Susan Granger’s review of “The Only Living Boy in New York” (Amazon Studios/Roadside Attractions)
“Something’s missing, and we all feel it…” are the words that cryptically introduce this coming-of-age story about a wannabe fiction writer who becomes involved with his father’s mistress.
Lifting its title from the famous Simon & Garfunkel 1970 song, the story revolves around Thomas Webb (Callum Turner), the privileged, twentysomething son of artistic, emotionally fragile Judith (Cynthia Nixon) and arrogant Ethan (Pierce Brosnan), a prominent publisher.
While his erudite parents host frequent dinner parties for Manhattan’s literati at their spacious Upper West Side brownstone, preppy Tom prefers to live in a Lower East Side walk-up, pining for artsy Mimi Pastori (Kiersey Clemons), who already has boy-friend whom she’s planning to join in Croatia.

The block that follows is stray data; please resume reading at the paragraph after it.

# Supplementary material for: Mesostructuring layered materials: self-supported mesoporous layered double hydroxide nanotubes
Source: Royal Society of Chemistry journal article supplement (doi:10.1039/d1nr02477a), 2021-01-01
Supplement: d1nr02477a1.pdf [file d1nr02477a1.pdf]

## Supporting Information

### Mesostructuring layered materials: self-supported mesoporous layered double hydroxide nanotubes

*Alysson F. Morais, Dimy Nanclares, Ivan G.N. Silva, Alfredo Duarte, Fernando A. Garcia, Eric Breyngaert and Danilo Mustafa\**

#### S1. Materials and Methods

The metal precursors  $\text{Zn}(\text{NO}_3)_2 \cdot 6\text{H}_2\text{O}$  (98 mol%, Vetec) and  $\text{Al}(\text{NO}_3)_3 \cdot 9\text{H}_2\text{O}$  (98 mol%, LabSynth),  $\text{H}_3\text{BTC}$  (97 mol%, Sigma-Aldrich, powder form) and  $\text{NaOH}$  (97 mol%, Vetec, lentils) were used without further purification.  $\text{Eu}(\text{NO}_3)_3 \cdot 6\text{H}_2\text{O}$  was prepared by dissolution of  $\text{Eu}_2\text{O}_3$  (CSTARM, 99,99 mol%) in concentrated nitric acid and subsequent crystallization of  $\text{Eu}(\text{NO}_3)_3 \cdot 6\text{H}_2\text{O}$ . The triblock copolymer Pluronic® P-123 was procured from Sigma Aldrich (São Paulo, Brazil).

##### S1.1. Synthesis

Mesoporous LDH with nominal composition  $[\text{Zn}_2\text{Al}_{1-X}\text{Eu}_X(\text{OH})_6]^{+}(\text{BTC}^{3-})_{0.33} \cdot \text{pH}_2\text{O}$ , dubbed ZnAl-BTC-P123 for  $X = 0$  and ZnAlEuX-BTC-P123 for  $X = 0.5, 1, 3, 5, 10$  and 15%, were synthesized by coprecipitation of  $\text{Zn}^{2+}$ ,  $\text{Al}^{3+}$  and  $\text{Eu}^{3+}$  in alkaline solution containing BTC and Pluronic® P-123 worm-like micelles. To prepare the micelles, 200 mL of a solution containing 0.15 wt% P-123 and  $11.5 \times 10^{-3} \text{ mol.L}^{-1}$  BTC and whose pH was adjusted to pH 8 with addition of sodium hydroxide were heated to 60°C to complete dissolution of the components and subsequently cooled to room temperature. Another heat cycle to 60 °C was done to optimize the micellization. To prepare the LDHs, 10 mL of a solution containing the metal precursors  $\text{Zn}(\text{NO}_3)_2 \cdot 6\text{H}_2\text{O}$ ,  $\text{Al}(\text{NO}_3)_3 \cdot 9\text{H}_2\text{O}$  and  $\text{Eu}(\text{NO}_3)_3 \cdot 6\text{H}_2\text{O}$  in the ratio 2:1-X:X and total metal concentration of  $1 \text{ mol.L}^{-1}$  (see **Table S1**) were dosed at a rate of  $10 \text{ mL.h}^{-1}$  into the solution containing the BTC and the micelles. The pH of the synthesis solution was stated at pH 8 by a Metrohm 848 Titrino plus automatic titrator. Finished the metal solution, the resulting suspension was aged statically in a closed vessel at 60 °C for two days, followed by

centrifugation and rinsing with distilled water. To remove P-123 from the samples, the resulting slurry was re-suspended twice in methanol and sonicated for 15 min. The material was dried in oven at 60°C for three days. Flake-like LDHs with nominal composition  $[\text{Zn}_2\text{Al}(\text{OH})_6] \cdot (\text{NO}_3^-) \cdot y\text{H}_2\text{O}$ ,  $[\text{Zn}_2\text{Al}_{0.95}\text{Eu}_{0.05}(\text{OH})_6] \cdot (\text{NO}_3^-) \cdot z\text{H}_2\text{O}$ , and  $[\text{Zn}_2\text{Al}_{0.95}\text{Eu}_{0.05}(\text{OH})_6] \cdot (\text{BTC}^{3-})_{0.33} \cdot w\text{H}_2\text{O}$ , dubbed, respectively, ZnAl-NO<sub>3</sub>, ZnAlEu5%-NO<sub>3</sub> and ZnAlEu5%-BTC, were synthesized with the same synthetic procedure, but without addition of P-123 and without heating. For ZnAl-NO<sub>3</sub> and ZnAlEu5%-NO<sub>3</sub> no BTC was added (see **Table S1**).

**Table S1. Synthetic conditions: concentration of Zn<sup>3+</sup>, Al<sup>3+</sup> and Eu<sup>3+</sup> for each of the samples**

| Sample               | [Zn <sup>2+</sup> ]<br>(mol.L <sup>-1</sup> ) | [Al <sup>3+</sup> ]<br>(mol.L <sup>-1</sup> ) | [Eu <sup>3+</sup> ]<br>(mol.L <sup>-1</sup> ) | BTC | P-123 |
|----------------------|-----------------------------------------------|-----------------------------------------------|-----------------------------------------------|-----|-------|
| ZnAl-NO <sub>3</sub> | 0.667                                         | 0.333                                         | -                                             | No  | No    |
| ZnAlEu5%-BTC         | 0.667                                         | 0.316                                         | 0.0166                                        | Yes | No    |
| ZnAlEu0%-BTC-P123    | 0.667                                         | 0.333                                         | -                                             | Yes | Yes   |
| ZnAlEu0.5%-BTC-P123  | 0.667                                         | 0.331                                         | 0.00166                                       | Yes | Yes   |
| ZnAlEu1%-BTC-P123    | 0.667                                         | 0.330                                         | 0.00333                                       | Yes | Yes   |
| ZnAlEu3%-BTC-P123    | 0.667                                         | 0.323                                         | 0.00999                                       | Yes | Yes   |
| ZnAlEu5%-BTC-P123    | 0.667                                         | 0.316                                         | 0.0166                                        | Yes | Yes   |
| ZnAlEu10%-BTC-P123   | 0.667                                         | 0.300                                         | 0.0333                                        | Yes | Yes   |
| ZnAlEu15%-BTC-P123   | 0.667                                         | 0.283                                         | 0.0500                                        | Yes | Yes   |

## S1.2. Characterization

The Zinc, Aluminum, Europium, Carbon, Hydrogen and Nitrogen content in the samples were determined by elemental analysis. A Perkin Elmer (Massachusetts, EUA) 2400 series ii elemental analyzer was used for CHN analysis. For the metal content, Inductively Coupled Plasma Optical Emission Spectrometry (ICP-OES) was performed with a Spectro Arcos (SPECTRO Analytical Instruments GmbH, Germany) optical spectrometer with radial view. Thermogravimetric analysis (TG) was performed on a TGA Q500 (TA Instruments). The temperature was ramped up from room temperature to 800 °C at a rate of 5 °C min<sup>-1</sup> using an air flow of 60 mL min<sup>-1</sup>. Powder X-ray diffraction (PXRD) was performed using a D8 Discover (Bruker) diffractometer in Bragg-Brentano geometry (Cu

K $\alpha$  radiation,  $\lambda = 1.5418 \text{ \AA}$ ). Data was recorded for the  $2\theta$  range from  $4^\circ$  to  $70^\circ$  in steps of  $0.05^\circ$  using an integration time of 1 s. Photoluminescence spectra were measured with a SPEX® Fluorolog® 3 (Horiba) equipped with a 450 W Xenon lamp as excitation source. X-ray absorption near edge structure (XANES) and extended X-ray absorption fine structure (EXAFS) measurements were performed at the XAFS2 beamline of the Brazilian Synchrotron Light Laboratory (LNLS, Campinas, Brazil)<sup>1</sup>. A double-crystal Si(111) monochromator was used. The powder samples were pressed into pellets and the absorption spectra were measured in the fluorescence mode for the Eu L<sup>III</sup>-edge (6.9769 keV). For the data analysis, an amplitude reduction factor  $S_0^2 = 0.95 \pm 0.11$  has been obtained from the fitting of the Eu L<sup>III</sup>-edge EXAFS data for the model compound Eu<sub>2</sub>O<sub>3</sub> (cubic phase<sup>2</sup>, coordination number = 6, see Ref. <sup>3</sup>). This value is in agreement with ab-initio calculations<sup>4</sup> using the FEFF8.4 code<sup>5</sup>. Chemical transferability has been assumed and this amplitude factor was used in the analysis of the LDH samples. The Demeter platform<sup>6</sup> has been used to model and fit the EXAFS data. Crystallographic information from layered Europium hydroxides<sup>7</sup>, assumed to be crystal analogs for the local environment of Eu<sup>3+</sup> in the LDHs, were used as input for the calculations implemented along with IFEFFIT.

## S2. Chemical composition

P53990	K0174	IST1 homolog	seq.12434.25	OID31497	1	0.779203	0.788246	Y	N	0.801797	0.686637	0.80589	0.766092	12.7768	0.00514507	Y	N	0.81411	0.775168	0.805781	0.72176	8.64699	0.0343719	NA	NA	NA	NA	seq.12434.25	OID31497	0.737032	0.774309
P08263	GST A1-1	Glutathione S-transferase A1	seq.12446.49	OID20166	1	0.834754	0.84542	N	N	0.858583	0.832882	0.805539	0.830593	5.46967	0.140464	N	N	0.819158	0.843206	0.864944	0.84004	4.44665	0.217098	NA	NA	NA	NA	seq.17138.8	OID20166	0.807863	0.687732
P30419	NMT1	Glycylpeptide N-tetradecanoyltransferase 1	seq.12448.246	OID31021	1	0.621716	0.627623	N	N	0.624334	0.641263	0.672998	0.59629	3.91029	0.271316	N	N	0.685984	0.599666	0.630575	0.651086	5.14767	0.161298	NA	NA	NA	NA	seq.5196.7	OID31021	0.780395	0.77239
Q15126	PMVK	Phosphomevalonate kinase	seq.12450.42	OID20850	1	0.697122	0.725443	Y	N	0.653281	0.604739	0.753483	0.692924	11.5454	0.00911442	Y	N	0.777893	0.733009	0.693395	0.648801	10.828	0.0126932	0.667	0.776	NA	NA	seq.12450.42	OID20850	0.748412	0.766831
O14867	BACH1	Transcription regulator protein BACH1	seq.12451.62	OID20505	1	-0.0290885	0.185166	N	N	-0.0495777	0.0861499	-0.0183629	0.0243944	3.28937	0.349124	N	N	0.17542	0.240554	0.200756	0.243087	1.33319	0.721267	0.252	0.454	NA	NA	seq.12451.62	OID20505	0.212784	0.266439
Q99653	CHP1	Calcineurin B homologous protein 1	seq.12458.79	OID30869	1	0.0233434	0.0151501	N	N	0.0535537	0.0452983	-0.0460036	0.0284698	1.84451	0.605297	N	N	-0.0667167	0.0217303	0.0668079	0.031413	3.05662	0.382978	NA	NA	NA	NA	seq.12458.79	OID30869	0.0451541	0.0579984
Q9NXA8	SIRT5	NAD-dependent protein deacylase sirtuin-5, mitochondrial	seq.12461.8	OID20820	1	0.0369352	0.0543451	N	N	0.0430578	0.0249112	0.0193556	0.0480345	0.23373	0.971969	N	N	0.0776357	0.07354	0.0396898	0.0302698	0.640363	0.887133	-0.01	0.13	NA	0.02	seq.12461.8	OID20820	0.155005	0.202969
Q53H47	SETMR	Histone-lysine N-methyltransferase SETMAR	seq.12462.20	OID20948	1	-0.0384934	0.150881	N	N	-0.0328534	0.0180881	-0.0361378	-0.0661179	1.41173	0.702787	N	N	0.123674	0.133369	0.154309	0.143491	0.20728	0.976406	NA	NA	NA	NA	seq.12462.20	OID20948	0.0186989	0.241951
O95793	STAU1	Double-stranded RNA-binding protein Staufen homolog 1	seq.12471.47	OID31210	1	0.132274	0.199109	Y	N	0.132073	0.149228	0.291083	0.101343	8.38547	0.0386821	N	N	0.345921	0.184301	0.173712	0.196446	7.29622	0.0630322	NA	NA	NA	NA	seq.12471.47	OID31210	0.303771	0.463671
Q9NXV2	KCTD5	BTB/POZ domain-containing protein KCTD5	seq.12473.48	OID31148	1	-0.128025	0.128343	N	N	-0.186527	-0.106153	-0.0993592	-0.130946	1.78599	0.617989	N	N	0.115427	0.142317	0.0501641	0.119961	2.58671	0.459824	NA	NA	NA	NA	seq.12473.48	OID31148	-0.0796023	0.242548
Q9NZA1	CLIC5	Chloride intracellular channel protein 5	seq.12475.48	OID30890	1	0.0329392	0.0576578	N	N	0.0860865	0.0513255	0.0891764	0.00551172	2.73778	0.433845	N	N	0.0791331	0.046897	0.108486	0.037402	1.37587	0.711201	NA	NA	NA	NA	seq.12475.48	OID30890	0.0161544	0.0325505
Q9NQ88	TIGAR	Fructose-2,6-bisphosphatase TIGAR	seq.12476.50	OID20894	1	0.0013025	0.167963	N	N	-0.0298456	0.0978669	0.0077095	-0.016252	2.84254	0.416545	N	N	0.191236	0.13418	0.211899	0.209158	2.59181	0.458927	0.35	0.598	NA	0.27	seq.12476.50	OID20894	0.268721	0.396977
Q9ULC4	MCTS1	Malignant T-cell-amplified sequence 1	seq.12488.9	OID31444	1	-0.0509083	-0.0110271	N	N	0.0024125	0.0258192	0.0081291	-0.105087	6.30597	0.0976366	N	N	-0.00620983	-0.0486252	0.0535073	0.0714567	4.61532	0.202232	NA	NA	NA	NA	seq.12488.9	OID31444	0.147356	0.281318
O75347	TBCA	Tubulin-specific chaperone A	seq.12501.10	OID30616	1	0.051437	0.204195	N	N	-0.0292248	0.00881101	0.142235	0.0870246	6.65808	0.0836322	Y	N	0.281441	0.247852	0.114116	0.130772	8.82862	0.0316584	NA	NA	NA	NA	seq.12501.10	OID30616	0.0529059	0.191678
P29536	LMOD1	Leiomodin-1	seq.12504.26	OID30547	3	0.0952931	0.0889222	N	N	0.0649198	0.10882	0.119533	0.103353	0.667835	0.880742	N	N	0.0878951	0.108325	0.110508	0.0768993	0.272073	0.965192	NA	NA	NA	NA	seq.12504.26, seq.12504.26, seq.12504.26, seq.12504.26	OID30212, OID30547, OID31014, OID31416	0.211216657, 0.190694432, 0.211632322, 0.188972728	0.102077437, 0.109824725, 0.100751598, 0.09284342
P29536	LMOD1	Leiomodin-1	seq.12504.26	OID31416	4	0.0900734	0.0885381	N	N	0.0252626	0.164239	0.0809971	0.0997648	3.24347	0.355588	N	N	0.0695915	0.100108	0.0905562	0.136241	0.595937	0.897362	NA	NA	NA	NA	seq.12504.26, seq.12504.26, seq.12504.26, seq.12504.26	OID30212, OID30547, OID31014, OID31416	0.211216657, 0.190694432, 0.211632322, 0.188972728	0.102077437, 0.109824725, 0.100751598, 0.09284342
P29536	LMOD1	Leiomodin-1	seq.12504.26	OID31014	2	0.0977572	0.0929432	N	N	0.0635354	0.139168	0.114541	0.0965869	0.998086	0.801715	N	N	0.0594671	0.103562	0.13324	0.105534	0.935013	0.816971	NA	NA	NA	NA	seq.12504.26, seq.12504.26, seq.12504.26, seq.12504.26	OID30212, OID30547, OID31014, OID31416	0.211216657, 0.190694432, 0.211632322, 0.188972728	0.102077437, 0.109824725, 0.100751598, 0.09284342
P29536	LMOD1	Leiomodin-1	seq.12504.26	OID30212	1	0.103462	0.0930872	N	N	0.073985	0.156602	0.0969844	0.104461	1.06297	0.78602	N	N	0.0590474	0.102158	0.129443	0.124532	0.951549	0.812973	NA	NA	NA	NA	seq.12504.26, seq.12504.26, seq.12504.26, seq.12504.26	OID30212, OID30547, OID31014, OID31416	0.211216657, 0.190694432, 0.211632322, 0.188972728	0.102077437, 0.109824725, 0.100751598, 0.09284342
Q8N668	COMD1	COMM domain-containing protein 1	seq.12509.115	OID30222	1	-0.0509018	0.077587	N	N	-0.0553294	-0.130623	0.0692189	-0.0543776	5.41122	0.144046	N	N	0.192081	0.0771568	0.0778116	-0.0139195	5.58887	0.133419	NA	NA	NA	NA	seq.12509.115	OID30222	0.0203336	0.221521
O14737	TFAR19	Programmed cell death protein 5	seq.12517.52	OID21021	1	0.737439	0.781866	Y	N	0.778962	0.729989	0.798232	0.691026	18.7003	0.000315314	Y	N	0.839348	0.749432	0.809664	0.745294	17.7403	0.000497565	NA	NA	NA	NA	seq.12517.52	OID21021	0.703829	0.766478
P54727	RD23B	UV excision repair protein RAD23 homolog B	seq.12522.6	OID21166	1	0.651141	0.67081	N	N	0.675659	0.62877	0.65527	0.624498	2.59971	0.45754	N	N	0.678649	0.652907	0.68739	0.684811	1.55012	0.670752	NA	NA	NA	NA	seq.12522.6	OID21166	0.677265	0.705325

After some coaxing, lovesick Tom confides his heartache to an inquisitive, garrulous neighbor, W.F. Gerald (Jeff Bridges), an alcoholic author who’s more than willing to offer ambiguous philosophical advice, becoming Tom’s coach/therapist while deriding New York’s gentrification.
Whiny Tom’s equilibrium is further challenged when he inadvertently discovers that his father is having an affair with a sexy British editor, Johanna (Kate Beckinsale). Curious, Tom starts stalking mercurial Johanna and soon they’re also squirming between the sheets.
Screenwriter Allan Loeb (“The Space Between Us,” “Collateral Beauty”) and director Marc Webb (“(500) Days of Summer,” “Gifted”) present a concept that’s distinctly derivative, borrowing liberally from similarly themed films, like “The Graduate,’ “Wonder Boys,” “The Squid and the Whale” – while delivering an implausible third-act twist.
Although the glibly cosmopolitan characters are only superficially developed, pros like Jeff Bridges (who also serves as executive producer), Pierce Brosnan, and Cynthia Nixon bring far more to the screen than is on the written page – with adroit support from Wallace Shawn, Debi Mazar and Tate Donovan.
On the Granger Movie Gauge of 1 to 10, “The Only Living Boy in New York” is a shallow, wryly sordid 6. As Brosnan’s character would put it: “It’s serviceable.”